There are people who know my body as intimately as a lover might. They know of the tiny mole in the arch of my left foot. The faint scar on my left elbow from a childhood scab that got infected. They know that my pubic area was waxed a few weeks before my death. Underarms and legs shaved, perhaps the day before.
They know I am not a virgin, had poor dental work done on two back teeth, and one or two of the men stop, as they catalogue my body, to think how pretty I am. How the sketches don’t quite capture the full of my lips or the honey of my hair.
Some men get obsessed with the dead as much as the living.
~ Alice, What We Have Left
A whole week off to write … edit … write … edit …
You say there is no meaning. And I want to lean over, kiss your moving mouth. To prove my point that even the smallest thing matters. To show you how something as simple as my lips on yours would tip the table, smash the row of glasses between us. You and I, met in the middle, would set this entire room spinning.
You think it is about what we construct. But I know it’s what we leave out that keeps a world intact (when you want to stay safe inside it). So I remain where I am. Bite my thumb. Pour another and another drink. Try to smile at you as I swallow. Knowing too, in the deepest down, just why I wanted this argument won.
(Character building. Or revealing character flaws, perhaps)
My body and the clocks say different things.
Last night I poured my vodka down the sink and fell asleep on the bathroom floor. I fall deepest when the sun comes up, and wake disoriented from my morning travels. Everything is the wrong way round here, or I am. So much corner turning, so much emerging from below, and it creates a kind of alert exhaustion, an expectation that something is about to happen today if I just get up and in it.
It all feels so possible, so utterly and entirely possible, this living on the brink.
“I did not belong there,” Joan Didion said of this city. And I recognise her words, because I know I do not belong here either. I do not know the rhythm and the rules. I am a step out of time, backwards dancing across these cracked pavements and sticky stairwells.
And like Joan Didion, I am in love. I am in love with this grimy, swollen, stinking city. With her teeming masses, and the bare-bone trees of winter, waiting.
They are anonymous, quiet like me.
And I too am on the verge of blooming.
My first blog post from New York, back in April, 2015. And now …
I woke up this morning and saw the news. Barely awake and suddenly weeping.
Grief was drawn from the well of me, pulled up from my girlhood, womanhood. An excavation from the deep of my experience, and yours.
I never, ever forget yours.
And then – this morning – I screamed. Mouth against pillow. Careful, even in my anger. Because that’s what we’ve been trained for, right. Self-silencing, lest we wake the sleeping.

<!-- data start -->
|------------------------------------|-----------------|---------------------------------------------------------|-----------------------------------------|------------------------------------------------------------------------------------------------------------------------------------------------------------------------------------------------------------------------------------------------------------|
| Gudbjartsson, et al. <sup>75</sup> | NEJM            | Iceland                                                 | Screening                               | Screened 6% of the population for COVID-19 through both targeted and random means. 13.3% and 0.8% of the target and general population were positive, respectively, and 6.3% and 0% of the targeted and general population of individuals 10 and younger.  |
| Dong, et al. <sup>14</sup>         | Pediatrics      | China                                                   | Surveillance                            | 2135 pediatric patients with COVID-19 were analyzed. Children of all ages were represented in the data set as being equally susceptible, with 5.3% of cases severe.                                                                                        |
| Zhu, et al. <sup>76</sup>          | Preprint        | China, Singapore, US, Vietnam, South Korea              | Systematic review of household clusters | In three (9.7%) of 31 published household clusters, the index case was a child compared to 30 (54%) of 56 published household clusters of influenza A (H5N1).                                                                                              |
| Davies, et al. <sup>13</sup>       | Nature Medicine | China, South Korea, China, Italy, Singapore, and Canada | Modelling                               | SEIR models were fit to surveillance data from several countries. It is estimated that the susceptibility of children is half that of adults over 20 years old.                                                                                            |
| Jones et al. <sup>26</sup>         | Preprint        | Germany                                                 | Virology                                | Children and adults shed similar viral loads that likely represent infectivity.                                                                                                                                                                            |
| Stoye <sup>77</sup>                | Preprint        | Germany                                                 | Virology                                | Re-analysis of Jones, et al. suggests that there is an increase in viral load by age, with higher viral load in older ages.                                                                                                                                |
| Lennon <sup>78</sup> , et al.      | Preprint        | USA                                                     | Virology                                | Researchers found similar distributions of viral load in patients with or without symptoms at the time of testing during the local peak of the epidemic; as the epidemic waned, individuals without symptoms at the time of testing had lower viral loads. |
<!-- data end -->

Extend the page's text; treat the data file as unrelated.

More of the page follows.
I cannot take this anymore. I will not put my hand to my own mouth, or yours. I will be louder than I have ever been before.
And I will be quiet, when you need me.
When you need me. I am here.
I see you. And I believe you ♥
(I don’t know what else to do right now, but rage. And write)
“My rage could swallow whole continents. I suspect I am only one of millions of women worldwide who has finally unleashed her fury. We will never placate you again.”
~ Jane Caro
Artwork by @many_bothans
(Buy a print. All proceeds go to Rainn. And take care of yourself. I believe you ♥)
Do you trust your instinct, Elliott?
Sue’s question feels as large as the room, and all three women pause to consider it. Thinking about the nights they’ve crossed the road to avoid a parked car with its lights on, or pretended to make a phone call as someone walked too close behind them. Remembering the longer routes taken to avoid unlit streets, and how they automatically take note of who gets off at the same station or stop they do. The way they would never leave a drink unattended at the bar, and how they always check who’s there before unlocking the door. Self-preservation as a replacement for instinct, because being right would be the real danger here.
Elliott feels her body arch toward this sudden realization, a shudder that almost lifts her from the floor.
I’m afraid to be right, she says, holding out her arms to examine the tiny hairs standing up from her skin. I would argue away the most obvious signs, if it meant I could be wrong about him.
Because if I’m right – my god, can you imagine what that means?
~ What We Have Left
The first time your heart shatters, you become one woman or another.
The first can only ever love the broken after that. She sees damage as her canvas, and she spends the rest of her life trying to make it beautiful. Cobbling together the lost and fragmented, soothing their sadness and their grief. She creates a mosaic from their stories and their sorrow, mends the pieces into something whole again. Because if she can love something back together, it means nothing, no one is too far gone for saving.
The other starts to sees damage as inevitable. So she strikes first, destroys anything that comes too close. This kind of woman will sabotage her own happiness, snap it clean in two, rather than let someone or some thing surprise her again. Her heart inured, she will be the one to lay siege from now on. For her, it is obvious people were never meant to stay whole. And to survive this world, we must learn to live with what we have left.
What We Have Left (A Novel)